The Midwest’s ongoing avian flu crisis is wreaking havoc on the region’s large-scale egg and turkey farms. Last week alone, the US Department of Agriculture confirmed that the virus had turned up in more than 20 additional facilities in the region, condemning 4 million birds to euthanasia. Altogether, the H5N2 virus—”highly pathogenic” to birds, so far non-threatening to humans—has affected 168 sites and a jaw-dropping 36 million birds, the great bulk of them in Iowa and surrounding states. It’s the largest avian flu outbreak in US history—and it has already wiped out 40 percent of the egg-laying flock h Iowa, the number-one egg-producing state in the US, according to The New York Times.
But it’s largely leaving backyard flocks unscathed. Why?
According to Hon S. Ip, a virologist at the US Geological Survey’s National Wildlife Health Center, it’s a genuine mystery. Backyard flocks typically roam outdoors, in ready contact with wild birds, which are thought to be the origin of the virus. Their commercial counterparts live in tight confinement under strict “biosecurity” protocols: birds are shielded from contact with the outdoors; workers change into special boots and coveralls—or even shower—before entering facilities, etc.
Ip said that wild birds could be spreading the virus in one of two ways: directly, by bringing chickens and turkeys into contact with infected feces; or indirectly, through wind-borne particles that, say, blow through vents in a confined facility. “If that’s how it’s spreading, you’d expect backyard flocks to be widely affected too, but they don’t seem to be,” he told me. Moreover, it has continued to spread in Iowa, even after the egg industry had ample time to ramp up biosecurity. All of this suggests something else, besides wild birds, might be the cause, Ip added.
But what? He has no idea, he said. And nor, apparently, does anyone else. In a recent news item [paywalled], the journal Science declared the outbreak “enigmatic.” “All the old dogma about high-path influenza transmission has just gone out the window,” Michael Osterholm, director of the Center for Infectious Disease Research and Policy here at the University of Minnesota, told the journal. “We’re in totally uncharted territory.”
Meanwhile, in an interview with Iowa Public Radio, USDA secretary Tom Vilsack speculated that the virus could be entering farms through biosecurity breaches. “We’ve had circumstances recently where folks have been using pond water, for example, to feed and to water their birds. Well, that’s a problem because the pond water could be contaminated,” Vilsack said in the interview. “We’ve had situations where folks are supposed to shower before they go into the facility, but the shower doesn’t work, so they go in anyway.”
I’ve seen no reports detailing current conditions on egg farms in Iowa, but it’s worth noting that in 2010, the Food and Drug Administration found troubling biosecurity lapses within some of the state’s largest egg facilities, after they had been forced to recall 550 million eggs due to potential salmonella contamination. The FDA inspectors’ report detailed a variety of problems, including several involving contact between egg-laying hens and wild birds.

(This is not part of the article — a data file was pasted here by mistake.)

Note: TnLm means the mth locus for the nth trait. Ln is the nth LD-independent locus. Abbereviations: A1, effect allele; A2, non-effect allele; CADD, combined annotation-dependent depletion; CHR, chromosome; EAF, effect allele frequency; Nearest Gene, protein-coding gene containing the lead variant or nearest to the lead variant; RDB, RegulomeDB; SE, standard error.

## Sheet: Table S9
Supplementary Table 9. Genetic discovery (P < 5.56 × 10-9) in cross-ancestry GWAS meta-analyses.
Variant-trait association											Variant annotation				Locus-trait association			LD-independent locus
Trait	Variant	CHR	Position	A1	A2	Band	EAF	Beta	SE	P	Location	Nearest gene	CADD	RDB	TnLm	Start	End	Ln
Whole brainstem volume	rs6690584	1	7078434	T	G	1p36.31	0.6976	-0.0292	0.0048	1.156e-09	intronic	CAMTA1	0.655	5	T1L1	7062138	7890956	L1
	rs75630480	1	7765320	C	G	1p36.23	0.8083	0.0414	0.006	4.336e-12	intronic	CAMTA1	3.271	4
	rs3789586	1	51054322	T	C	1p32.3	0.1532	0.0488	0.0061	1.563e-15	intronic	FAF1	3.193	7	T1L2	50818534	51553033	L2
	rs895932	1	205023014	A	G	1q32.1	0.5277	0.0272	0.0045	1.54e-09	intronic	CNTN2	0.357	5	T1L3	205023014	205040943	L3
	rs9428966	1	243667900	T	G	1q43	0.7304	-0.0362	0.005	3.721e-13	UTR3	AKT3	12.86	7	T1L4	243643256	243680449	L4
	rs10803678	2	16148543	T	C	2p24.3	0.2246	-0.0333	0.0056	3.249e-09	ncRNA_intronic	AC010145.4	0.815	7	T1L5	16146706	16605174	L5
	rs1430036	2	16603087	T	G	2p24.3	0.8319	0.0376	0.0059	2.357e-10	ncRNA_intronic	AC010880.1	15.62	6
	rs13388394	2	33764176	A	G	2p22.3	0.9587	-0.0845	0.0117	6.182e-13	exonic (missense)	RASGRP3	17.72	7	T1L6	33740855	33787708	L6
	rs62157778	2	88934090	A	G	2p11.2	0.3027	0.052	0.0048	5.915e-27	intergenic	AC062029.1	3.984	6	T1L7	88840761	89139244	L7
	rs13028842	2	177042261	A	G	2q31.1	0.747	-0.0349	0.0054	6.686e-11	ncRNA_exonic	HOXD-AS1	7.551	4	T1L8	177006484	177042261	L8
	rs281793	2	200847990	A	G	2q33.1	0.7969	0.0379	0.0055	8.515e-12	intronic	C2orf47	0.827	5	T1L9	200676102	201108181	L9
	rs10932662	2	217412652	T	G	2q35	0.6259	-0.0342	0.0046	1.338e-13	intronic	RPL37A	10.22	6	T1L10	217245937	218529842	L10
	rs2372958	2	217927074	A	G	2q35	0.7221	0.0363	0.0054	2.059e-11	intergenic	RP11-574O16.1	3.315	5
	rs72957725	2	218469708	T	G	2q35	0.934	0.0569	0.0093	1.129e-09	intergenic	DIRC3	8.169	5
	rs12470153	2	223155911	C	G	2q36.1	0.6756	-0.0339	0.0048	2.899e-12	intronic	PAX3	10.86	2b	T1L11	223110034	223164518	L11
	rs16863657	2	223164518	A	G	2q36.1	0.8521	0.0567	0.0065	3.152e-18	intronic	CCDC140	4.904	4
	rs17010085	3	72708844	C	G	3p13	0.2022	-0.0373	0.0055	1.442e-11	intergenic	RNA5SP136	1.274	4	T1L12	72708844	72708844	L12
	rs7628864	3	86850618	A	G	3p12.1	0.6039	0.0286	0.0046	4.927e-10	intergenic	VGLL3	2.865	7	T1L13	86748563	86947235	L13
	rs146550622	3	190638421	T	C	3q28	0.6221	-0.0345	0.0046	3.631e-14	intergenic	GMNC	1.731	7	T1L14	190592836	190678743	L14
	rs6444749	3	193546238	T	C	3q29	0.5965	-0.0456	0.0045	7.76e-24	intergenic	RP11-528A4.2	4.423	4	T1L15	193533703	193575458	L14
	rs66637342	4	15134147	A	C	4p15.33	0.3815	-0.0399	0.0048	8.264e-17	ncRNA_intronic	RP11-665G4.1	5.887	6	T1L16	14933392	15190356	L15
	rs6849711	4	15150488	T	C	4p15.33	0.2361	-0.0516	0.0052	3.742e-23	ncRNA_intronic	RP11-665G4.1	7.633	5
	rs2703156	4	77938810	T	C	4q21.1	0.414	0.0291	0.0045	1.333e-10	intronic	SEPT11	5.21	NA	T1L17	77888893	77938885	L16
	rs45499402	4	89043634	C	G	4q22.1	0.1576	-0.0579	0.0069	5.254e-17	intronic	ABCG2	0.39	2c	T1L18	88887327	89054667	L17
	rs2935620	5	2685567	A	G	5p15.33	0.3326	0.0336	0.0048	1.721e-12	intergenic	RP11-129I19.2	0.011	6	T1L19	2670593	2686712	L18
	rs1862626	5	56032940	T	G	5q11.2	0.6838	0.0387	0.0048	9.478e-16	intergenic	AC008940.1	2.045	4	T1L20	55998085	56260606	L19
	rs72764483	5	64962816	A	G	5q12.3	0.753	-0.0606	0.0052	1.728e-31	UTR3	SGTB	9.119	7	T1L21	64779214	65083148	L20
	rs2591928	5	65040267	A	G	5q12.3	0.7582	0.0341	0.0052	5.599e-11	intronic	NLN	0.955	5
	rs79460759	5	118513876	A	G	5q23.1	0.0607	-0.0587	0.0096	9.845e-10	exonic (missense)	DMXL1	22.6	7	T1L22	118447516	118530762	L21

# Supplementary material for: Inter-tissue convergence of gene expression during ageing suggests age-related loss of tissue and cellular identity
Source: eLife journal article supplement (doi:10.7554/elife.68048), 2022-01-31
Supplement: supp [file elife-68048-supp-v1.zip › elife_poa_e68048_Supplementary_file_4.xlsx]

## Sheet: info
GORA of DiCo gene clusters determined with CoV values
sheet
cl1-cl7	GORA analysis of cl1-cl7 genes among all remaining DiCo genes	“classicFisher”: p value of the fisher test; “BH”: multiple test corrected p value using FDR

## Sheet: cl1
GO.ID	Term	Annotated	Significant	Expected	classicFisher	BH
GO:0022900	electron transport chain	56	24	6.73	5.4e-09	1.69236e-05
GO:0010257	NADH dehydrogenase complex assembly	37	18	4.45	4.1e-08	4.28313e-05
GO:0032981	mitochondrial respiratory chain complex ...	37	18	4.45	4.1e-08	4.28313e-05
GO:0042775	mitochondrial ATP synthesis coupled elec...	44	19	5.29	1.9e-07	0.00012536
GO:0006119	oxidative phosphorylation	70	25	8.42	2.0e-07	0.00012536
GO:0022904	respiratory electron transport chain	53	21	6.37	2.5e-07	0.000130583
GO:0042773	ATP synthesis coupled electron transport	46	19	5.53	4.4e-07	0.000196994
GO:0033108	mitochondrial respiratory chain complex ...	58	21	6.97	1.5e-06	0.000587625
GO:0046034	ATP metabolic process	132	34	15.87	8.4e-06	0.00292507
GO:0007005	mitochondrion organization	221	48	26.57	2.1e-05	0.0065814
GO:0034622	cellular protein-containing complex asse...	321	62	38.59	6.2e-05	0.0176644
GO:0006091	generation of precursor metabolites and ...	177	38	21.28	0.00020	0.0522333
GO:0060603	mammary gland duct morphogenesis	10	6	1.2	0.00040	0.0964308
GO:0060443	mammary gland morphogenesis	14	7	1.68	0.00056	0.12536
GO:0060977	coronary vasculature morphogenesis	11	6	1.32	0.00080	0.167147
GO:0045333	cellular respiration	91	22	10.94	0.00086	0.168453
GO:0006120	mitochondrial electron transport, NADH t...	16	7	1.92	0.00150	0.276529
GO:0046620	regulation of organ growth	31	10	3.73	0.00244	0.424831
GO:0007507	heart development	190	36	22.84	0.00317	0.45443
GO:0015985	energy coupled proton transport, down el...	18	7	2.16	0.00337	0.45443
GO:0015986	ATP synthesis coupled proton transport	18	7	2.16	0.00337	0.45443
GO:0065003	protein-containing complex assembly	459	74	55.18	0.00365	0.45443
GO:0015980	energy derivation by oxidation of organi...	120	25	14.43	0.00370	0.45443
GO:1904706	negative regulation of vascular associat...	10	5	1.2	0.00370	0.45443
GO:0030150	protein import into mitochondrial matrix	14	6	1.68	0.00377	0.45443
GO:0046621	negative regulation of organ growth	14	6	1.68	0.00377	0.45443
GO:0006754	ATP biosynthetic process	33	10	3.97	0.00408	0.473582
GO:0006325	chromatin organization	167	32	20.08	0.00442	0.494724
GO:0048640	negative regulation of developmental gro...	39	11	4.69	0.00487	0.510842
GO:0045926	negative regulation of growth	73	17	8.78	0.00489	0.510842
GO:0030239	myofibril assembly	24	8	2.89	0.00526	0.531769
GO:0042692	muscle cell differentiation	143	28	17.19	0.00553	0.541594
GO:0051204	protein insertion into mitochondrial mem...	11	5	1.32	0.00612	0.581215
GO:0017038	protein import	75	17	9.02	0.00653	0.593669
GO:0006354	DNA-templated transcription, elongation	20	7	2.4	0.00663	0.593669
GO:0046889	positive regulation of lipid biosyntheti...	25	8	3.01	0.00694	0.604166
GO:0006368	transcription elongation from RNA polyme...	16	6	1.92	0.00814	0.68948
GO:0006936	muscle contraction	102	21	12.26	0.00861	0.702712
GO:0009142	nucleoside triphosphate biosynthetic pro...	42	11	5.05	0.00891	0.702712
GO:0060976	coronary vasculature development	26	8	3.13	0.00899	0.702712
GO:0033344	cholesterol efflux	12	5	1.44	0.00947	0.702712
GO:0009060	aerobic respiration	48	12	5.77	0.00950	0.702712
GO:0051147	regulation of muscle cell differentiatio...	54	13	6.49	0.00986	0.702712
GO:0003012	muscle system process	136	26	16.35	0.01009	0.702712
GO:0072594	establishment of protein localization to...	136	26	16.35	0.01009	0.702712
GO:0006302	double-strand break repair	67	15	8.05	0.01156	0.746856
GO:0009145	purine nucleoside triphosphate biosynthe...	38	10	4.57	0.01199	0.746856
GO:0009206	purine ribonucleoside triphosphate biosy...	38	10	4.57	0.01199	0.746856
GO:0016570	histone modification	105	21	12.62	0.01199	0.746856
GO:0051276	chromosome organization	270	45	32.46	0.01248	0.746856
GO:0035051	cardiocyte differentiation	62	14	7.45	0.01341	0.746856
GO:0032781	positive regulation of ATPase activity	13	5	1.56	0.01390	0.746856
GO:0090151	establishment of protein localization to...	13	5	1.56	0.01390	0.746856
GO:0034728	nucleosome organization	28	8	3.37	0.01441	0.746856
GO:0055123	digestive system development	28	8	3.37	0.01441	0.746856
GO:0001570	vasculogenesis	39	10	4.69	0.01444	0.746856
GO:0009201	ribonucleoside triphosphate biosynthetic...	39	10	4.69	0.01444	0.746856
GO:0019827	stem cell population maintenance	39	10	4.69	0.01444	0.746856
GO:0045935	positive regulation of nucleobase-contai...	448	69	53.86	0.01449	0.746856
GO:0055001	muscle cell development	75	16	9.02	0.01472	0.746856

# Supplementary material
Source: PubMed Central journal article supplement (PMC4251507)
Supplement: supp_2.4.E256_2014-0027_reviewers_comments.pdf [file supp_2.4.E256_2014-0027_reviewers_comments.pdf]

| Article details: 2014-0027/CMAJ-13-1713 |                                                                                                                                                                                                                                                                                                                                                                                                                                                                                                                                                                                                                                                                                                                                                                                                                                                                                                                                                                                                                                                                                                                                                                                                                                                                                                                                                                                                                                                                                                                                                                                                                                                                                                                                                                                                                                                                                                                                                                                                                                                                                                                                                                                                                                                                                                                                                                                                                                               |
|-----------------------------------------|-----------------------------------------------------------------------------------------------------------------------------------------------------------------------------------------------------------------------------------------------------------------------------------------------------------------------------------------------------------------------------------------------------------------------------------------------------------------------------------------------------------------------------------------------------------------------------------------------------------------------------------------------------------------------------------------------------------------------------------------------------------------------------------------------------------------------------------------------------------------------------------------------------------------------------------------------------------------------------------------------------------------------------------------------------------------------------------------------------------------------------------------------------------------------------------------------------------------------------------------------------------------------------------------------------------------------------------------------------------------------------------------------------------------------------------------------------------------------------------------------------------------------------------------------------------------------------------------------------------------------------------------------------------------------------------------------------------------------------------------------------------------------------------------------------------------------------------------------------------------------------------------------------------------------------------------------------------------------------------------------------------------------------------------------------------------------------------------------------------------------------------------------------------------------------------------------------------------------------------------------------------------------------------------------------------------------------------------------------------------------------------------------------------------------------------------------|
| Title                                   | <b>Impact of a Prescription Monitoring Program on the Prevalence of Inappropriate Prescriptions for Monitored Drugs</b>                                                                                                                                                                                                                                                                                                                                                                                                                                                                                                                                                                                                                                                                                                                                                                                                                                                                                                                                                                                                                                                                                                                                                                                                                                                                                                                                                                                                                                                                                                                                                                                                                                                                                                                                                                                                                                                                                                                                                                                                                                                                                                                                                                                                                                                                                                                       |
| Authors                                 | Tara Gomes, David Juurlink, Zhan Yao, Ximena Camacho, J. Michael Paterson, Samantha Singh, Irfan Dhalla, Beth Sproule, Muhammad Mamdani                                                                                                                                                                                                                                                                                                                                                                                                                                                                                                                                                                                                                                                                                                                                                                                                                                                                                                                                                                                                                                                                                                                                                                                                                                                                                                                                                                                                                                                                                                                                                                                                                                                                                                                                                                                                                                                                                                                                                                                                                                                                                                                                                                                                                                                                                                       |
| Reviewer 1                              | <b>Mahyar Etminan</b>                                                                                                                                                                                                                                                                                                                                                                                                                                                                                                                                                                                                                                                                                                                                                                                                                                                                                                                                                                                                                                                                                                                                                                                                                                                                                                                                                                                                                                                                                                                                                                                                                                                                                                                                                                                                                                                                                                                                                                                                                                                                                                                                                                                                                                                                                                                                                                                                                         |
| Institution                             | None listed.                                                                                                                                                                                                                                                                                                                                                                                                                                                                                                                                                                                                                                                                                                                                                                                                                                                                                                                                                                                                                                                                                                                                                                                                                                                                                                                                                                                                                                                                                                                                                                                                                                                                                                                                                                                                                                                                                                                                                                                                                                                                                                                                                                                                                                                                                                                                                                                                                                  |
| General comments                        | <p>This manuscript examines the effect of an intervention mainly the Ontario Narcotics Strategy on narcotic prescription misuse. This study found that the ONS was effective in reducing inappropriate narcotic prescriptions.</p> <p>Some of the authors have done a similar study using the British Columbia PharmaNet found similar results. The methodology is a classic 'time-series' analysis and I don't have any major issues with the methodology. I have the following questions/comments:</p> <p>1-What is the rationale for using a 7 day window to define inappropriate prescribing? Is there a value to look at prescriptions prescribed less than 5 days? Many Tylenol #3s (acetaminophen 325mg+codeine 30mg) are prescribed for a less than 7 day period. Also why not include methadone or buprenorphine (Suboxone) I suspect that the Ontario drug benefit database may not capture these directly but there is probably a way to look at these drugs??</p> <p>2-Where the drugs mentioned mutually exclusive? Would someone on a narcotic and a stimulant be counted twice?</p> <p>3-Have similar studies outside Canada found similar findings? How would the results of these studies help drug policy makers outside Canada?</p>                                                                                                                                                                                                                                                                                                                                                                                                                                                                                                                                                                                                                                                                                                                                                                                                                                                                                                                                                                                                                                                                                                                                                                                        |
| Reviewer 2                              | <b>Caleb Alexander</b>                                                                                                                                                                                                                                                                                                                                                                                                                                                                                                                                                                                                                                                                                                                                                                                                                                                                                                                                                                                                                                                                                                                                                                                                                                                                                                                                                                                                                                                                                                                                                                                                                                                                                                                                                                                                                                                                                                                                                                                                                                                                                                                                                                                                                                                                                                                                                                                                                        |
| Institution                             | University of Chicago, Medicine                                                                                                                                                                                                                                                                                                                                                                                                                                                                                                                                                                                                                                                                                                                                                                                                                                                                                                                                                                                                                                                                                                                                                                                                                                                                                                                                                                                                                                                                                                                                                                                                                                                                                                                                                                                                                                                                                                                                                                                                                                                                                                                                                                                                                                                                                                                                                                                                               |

While experts scramble to figure out how the disease is spreading, the egg and turkey industries are dealing with one particular immediate consequence: how to safely dispose of millions of potentially flu-ridden bird carcasses. As the Des Moines Register reports, the process is not going smoothly:
Landfills in South Dakota, Nebraska and northwest Iowa, where poultry producers have been the hardest hit, have turned away the dead birds, fearful of the risk of contamination. The problem is so severe that on Friday, U.S. Secretary of Agriculture Tom Vilsack stepped in to urge landfills to accept some of the millions of birds killed or destroyed by the H5N2 virus, saying delays could [exacerbate] odors and flies, problems neighbors have already complained about in some parts of the state.
In response to these difficulties, the USDA has “dedicated 266 employees, including 85 in Iowa, and contracted more than 1,000 personnel to work around the clock across the 20 states affected by the outbreak,” Vilsack wrote in a statement. In addition, the agency has allotted $130 million “in indemnity payments to help poultry producers who have lost flocks get back on their feet,” Vilsack added.
That relatively modest measure of taxpayer support for the poultry industry may just be the beginning. The USGS’s Ip said the rate of new infections is “showing signs of slowing down” as warm weather sets in. Flu viruses are “less stable” at higher temperatures, he said, which is why flu tends to be much worse in winter than in summer. But as Reuters reported recently, the USDA warns that it’s “highly probable” the strain will return when the weather cools this fall. If it does, and it spreads to the eastern and southern poultry belts—where the great bulk of the chicken we eat is produced—taxpayers could be in for a real hit.